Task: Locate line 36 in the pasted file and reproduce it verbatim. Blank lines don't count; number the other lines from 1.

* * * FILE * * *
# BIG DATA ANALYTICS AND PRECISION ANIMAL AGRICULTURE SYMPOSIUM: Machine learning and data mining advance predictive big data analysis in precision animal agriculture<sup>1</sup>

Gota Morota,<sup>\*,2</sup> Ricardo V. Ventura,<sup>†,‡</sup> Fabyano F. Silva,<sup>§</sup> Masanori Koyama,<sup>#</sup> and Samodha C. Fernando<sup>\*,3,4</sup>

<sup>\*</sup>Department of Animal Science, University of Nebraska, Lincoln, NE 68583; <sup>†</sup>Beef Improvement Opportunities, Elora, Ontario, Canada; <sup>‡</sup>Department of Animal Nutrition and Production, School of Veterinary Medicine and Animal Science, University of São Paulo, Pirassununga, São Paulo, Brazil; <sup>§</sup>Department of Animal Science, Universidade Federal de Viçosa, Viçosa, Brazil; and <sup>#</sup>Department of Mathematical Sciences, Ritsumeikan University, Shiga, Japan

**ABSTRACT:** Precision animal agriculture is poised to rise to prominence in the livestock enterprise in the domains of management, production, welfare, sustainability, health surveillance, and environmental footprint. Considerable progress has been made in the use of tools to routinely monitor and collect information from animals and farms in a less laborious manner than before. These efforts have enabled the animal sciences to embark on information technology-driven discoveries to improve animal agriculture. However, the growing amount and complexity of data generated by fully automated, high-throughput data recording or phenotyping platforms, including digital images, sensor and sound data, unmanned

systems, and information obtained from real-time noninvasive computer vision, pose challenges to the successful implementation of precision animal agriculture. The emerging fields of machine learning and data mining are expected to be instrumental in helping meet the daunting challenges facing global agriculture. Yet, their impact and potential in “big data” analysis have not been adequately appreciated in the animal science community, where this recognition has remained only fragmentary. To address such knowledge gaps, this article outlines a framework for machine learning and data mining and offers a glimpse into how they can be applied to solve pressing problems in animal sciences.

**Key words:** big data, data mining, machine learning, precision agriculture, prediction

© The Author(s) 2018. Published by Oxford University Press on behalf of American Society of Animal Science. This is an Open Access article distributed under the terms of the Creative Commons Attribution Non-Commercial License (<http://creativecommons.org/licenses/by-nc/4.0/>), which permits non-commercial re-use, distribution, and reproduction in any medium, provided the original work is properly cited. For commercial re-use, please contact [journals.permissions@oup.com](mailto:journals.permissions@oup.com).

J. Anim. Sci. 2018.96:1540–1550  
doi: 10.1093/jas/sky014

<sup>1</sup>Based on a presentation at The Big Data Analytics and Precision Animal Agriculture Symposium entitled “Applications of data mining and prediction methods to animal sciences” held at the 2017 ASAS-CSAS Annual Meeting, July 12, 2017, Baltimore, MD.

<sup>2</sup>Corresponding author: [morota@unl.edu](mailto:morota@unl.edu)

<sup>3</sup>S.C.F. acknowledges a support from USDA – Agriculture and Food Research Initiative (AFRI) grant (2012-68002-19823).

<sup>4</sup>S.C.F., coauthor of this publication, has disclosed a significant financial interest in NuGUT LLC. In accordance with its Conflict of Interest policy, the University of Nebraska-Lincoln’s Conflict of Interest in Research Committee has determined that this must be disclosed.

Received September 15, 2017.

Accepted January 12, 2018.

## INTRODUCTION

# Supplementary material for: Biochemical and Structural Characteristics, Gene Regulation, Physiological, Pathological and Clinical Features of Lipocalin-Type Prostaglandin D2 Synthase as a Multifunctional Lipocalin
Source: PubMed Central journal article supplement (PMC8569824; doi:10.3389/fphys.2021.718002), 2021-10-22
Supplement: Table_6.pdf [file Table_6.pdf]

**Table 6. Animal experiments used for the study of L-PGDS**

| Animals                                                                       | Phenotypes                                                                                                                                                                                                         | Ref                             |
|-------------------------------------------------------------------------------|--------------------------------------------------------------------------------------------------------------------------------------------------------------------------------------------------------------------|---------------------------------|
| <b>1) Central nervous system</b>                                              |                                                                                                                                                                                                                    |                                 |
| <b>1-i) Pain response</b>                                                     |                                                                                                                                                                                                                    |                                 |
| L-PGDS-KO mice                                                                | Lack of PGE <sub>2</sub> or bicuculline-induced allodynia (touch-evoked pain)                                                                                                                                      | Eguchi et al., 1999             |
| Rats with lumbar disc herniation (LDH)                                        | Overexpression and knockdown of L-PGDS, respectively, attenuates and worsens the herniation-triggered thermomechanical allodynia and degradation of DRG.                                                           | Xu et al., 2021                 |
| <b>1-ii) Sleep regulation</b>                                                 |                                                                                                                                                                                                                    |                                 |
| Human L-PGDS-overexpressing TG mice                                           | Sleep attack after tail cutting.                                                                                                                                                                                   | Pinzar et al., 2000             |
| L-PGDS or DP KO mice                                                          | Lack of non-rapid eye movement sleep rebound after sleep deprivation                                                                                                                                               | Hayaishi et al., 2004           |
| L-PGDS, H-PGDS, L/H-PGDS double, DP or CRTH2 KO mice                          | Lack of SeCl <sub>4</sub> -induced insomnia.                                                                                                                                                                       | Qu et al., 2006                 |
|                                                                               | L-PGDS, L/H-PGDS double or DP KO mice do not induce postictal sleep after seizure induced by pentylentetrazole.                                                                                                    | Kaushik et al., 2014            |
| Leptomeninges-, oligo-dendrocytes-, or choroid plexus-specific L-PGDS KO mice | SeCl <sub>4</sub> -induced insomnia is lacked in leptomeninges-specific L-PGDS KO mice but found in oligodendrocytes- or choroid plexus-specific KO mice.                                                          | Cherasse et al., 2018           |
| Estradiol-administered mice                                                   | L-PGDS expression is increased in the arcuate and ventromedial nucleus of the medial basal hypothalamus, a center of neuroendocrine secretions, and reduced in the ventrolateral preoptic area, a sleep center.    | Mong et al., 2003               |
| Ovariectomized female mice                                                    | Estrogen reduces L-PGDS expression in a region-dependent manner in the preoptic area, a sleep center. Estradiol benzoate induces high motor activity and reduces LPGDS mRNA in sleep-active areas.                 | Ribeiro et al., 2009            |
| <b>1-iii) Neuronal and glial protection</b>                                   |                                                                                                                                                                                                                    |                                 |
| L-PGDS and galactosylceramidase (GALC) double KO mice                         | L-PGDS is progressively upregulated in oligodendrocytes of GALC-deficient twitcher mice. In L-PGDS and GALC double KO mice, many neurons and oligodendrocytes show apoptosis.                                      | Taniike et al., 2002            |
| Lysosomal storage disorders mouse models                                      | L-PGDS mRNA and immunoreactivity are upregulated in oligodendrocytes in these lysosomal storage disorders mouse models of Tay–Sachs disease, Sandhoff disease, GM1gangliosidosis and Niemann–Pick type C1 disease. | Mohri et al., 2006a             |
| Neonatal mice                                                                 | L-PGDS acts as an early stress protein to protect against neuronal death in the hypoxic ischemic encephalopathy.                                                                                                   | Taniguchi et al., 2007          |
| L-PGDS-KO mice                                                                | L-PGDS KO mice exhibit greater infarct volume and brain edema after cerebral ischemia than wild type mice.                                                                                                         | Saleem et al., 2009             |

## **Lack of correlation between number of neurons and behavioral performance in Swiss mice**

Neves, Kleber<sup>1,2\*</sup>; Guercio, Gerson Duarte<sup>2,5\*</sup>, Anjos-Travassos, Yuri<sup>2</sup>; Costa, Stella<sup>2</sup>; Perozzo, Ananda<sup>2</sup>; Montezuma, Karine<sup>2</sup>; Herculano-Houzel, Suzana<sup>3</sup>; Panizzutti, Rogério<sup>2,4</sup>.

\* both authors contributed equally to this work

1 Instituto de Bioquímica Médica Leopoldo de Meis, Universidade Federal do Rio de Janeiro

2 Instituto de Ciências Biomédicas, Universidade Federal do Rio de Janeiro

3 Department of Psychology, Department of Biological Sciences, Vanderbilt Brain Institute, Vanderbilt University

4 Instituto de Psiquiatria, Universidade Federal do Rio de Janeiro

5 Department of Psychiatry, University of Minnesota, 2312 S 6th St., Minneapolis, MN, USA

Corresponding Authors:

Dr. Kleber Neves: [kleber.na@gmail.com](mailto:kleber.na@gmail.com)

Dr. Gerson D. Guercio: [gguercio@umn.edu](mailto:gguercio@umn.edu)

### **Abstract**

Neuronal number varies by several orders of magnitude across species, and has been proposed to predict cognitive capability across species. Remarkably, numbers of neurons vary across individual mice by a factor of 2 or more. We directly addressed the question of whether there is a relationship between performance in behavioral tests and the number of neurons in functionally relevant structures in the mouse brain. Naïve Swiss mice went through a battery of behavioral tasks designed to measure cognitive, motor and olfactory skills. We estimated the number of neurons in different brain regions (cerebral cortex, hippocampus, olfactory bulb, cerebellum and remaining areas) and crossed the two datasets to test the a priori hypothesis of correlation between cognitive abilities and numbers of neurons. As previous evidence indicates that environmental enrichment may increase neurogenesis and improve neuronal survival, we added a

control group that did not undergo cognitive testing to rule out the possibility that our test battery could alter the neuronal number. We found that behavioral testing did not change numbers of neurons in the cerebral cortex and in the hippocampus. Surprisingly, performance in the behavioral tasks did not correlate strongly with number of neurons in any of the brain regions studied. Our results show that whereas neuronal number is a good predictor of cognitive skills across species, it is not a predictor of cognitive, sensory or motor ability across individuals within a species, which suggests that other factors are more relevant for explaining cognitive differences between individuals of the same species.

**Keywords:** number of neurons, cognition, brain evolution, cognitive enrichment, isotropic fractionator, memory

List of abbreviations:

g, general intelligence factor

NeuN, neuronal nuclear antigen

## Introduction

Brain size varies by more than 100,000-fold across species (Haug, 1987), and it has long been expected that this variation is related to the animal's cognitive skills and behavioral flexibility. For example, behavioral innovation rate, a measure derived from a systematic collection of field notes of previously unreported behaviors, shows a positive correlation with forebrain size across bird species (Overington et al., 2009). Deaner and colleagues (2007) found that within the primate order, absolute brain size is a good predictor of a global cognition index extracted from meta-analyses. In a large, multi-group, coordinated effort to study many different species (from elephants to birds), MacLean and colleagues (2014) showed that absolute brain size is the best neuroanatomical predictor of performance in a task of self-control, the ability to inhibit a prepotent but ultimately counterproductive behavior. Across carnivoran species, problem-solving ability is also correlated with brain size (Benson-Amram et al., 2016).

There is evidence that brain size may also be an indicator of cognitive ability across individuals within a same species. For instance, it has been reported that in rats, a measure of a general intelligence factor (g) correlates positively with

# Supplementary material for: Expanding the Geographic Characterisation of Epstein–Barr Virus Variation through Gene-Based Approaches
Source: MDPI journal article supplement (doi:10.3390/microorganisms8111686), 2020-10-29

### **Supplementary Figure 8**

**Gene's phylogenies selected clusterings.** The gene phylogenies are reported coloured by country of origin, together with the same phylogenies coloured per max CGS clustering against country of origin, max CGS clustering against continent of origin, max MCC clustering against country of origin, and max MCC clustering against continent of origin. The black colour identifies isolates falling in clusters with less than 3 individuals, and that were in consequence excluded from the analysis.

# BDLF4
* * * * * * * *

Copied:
| L-PGDS and galactosylceramidase (GALC) double KO mice                         | L-PGDS is progressively upregulated in oligodendrocytes of GALC-deficient twitcher mice. In L-PGDS and GALC double KO mice, many neurons and oligodendrocytes show apoptosis.                                      | Taniike et al., 2002            |